Chinese football: Where is it now?
It is quite striking that six of FourFourTwo's Asia 50 of 2016 are on the books of Chinese Super League clubs.
It’s a figure second only to the Bundesliga and shows the league is becoming the most important in Asia and the most important for Asian football in general.
It’s made up of three Chinese players and three from overseas. Wu Lei of Shanghai SIPG more than holds his own as an attacking force amid the increasingly formidable foreign talent that surrounds him. Zhang Linpeng and Zheng Zhi have been consistently excellent and integral to Guangzhou Evergrande's success over the years.
The contribution of the locals to Guangzhou's success at home, winning the last five domestic titles, and in Asia, boasting two of the last three continental crowns, is often overlooked.
The big-name signings have a habit of getting the headlines, then grabbing the goals and getting the headlines again.
But this happens everywhere. It's just that it has happened more quickly and visibly in China.
La Liga is generally regarded as the best in the world in terms of standards, yet its biggest stars are Argentinian, Portuguese, Uruguayan and Brazilian.
Ligue One has Zlatan and everyone knows the cosmopolitan make-up of the English Premier League.
The question is finding the right balance between the imported and the homegrown. With China and its limit on four foreign players and one from Asia, there is a decent chance of getting that right in the long-term.
There is a worry that the new wave of spending on almost exclusively creative players will stifle the opportunities and development of local lads (and the fact that all 16 goals scored in the opening round of the season all came from non-Chinese players demonstrated that there may well be something to worry about), but in the short-term it helps to make China the place to be.
The Chinese Super League is becoming a place for talented tacticians
That place is the biggest and most important league in Asia, though that does not mean it is the best. The average attendance so far this season is 30,000, a figure all-but two leagues in the world would love.
This offers a matchday experience that is hard to match in Asia and China has a real chance to establish itself as a continental hub befitting a country that historically sees itself as 'The Middle Kingdom'. It has the best players, the highest attendances and the highest international profile.
It could do with more of an Asian influence but it is already ahead of many. When it comes to Asian players, Japanese clubs tend to recruit from Korea, taking advantage of the K-League's archaic restrictions on young players' salaries to draft in talented prospects.
Chinese clubs have signed some of those after they have developed in the J-League. Kim Young-gwon, at No.10 the highest-ranked of the Chinese Super League contingent in the Asia 50, arrived in Guangzhou from Korea via Japan.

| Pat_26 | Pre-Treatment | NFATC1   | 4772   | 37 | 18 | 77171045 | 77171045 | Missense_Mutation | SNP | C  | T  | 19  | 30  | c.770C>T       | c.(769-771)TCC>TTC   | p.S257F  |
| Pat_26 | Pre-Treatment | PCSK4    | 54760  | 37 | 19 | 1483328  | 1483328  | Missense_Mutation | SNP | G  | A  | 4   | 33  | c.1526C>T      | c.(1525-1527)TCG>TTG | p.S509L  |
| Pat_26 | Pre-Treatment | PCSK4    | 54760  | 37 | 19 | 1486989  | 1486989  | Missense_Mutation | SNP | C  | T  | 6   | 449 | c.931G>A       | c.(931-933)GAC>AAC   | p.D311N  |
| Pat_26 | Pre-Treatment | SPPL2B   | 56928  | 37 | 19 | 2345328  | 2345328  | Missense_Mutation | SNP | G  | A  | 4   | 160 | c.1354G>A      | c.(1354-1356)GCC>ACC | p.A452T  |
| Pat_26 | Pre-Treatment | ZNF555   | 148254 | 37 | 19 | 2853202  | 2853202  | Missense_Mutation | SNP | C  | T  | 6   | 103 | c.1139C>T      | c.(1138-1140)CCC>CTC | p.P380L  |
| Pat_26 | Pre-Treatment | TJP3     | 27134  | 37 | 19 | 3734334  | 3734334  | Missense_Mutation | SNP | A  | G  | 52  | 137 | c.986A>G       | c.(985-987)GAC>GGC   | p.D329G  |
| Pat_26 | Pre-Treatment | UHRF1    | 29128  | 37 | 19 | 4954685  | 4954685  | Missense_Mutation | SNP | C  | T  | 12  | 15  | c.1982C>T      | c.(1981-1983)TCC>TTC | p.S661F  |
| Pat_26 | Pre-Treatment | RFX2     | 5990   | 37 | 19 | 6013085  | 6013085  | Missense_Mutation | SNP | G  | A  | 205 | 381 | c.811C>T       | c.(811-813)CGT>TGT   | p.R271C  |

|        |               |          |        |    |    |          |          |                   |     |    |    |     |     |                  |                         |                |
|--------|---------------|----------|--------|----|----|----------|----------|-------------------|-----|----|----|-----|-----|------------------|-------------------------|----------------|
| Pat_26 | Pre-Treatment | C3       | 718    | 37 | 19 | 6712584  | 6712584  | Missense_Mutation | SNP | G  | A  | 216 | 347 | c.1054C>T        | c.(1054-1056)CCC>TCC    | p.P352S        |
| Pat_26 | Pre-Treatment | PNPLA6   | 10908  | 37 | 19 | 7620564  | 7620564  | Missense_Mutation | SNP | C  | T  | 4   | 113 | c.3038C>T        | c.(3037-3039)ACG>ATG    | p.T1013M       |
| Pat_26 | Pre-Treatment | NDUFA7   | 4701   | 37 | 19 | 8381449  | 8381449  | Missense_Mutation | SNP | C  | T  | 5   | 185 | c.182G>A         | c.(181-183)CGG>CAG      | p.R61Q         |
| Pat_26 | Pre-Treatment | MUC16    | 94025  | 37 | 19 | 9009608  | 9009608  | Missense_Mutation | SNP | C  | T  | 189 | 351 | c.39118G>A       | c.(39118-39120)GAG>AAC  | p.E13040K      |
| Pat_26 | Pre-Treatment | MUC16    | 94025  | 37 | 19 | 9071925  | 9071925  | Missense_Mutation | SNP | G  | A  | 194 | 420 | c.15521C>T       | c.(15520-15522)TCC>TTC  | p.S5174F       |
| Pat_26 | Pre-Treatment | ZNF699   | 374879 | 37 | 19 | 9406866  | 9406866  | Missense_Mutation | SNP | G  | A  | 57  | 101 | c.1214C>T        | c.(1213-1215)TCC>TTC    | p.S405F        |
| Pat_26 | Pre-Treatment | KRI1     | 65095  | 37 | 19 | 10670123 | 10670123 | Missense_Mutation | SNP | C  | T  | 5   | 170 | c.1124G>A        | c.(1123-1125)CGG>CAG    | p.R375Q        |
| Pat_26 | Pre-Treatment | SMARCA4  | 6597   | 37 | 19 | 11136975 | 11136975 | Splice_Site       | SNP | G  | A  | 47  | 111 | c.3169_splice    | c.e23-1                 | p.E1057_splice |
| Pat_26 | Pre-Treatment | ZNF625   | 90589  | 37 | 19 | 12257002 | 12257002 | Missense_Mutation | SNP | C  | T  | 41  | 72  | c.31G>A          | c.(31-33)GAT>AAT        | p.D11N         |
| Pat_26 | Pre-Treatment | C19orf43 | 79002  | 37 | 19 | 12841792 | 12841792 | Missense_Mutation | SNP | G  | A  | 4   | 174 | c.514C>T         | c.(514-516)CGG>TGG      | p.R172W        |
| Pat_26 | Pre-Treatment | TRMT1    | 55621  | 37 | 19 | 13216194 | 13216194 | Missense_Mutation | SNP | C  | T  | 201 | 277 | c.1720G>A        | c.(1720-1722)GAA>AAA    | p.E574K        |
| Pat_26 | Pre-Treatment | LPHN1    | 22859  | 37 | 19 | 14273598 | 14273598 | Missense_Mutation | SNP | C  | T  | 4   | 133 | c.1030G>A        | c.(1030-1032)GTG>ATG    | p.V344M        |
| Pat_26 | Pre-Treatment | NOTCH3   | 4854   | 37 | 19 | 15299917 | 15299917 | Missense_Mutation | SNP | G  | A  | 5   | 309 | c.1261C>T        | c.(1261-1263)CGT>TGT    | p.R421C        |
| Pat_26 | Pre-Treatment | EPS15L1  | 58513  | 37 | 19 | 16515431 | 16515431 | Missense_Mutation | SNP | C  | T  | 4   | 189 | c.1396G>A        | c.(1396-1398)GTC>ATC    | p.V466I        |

There have been concerns in Korea that the Chinese league wasn’t good enough for their national team players, but these are receding. Kim has developed considerably at Guangzhou, coached by the likes of Marcello Lippi, Fabio Cannavaro and Luiz Felipe Scolari, training with the likes of Dario Conca, Jackson Martinez, Paulinho and Alessandro Diamanti and facing players the calibre of Alex Teixeira, Gervinho and Asamoah Gyan on the pitch.
This is why attitudes in Australia are changing too. Tim Cahill and Trent Sainsbury also made the list. Nobody is going to pretend that this pair grew up dreaming of Chinese football and that the money on offer hasn't made a difference, but the Chinese Super League is a viable football destination.
With the spending to continue, more and more top-class stars are set to come to China
Such players are handed the chance to live in one of the world's most fascinating countries with one of its best supported leagues. The stadiums and facilities are generally excellent and there's more. The Chinese Super League is also becoming a place for talented tacticians.
At the moment, there are former Brazilian national team coaches in Mano Menezes and Scolari, former AC Milan boss Alberto Zaccheroni and Sven Goran-Eriksson.
Asian coaches have long struggled to find work overseas. Japan has a fine tradition of Brazilian bosses while the K-League goes through cycles but suffers from its current lack of diversity on its benches. West Asia has been better in this regard but the turnover tends to be so rapid in Qatar and United Arab Emirates that long-term influence is rarely felt.
In China, it may be different and the local coaches are having to learn how to deal with increasingly famous counterparts and increasingly talented opponents. And there are chances for Asians too. Hong Myung-bo was the continent's highest-rated young coach before South Korea's disastrous campaign in Brazil.
Now the 2002 World Cup captain is at his first club on the west side of the Yellow Sea and last week crossed swords with Menezes, who knocked him out of the 2012 Olympics at the semi-final stage.
This time Hong's Hangzhou defeated the Brazilian's Shandong Luneng. Add an Australian and Japanese boss to the mix and the CSL really would become one for Asia to follow.
With the spending to continue, more and more top-class stars are set to come to China and this includes Asian players too. It will not be a surprise to see more than three foreigners on the top 50 list next year.
The challenge is, of course, to have more Chinese players. It is hoped that the influx will be a rising tide that lifts all boats. It may take a long time, however, until the fruits of the current investment programme in youth development can be seen, never mind savoured.
Once that happens, FourFourTwo may need to expand 50 into 100.